One of the most basic questions anyone thinking about starting a business should consider regardless of how small or how large that business may be at the outset is the question of what legal form their business should take. There are several forms a business can take and it is important to choose what’s best both for the business and its owners.
There are, of course, pros and cons to each available form but choosing the best form for your business can increase the ultimate profitability of your business for you as an owner while limiting your personal responsibility for the liabilities of your business. Also, if there will be more than one owner of the business, there are potential threats to the business that should be answered before business begins such as questions of what will happen if an owner dies or wants out of the business.
The cost and effort of careful planning before starting a business often seems an unnecessary expense and distraction to entrepreneurs intent on pursuing their business dream. Yet such planning is essential if the business is going to maximize profitability for its owners and survive the possible events that could otherwise bring the business to a premature death.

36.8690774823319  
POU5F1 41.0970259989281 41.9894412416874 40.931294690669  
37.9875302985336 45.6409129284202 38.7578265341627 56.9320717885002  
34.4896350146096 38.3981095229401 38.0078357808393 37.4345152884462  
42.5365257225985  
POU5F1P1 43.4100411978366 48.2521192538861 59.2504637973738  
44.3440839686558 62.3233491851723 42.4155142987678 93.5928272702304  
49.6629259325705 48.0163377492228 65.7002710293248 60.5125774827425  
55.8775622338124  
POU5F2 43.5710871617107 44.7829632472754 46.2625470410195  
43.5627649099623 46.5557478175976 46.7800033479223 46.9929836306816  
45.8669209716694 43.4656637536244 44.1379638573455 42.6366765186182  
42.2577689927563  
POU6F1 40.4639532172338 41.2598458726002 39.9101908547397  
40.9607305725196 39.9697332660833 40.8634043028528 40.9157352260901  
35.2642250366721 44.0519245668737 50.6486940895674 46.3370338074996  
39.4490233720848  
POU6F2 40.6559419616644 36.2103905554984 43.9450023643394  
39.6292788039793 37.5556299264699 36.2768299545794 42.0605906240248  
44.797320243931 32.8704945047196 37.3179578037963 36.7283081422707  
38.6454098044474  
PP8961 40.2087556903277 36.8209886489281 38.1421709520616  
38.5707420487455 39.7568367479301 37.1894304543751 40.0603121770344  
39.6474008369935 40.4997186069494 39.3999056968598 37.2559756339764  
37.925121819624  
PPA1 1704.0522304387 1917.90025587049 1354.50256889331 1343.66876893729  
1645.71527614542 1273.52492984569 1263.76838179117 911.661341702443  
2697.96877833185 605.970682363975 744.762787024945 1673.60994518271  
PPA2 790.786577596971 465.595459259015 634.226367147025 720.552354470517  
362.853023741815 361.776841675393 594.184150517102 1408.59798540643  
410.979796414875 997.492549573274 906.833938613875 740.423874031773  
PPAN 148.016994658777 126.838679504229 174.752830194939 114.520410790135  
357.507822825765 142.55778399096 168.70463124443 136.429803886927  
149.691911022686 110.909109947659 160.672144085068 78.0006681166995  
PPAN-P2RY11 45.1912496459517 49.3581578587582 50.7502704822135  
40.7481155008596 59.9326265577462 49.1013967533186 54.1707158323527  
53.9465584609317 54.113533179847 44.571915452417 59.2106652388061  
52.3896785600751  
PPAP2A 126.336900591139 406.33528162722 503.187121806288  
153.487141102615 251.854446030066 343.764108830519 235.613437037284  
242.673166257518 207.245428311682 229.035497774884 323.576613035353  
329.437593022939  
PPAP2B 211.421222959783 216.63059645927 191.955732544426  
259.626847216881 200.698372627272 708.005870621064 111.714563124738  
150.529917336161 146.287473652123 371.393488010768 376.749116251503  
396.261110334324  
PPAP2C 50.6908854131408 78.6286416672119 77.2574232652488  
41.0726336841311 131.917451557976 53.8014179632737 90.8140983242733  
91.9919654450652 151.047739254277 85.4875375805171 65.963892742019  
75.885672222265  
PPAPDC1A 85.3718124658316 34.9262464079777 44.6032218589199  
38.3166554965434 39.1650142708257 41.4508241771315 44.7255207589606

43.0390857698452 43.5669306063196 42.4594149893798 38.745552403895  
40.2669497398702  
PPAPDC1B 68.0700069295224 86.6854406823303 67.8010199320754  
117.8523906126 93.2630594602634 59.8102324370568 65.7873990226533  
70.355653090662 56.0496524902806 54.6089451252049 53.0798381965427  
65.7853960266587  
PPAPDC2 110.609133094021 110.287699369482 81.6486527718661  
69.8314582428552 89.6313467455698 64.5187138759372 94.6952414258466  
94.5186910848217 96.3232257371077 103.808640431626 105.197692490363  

What follows is not intended to be an all encompassing discussion of all those pros and cons. Instead, this article is only a brief sketch of some of the principal benefits and drawbacks to each form for doing business.
Also, this discussion only addresses issues in closely held entities and does not speak to the peculiar issues of publicly traded entities or to various securities law issues that may arise even in the context of a small, closely held business entity.
Finally, it’s important to note that this discussion relies on Oregon law. While the law of other states may often be identical or similar, it is essential to determine the best form of business entity on the basis of the law applicable to your anticipated business activity.
A sole proprietorship without distinction between the business and its single owner is the easiest form of business to run, at least in the beginning. In a sole proprietorship there’s no difference between the owner and the business because the owner is the business and, at least to a large extent, the business will be the owner. In a sole proprietorship:
1. The owner is personally liable for all of the obligations and liabilities of the business; and,
2. The owner will, in addition to income taxes, pay self employment taxes on all business income.
These considerations generally make the sole proprietorship an unacceptable form of business entity to most individuals starting a new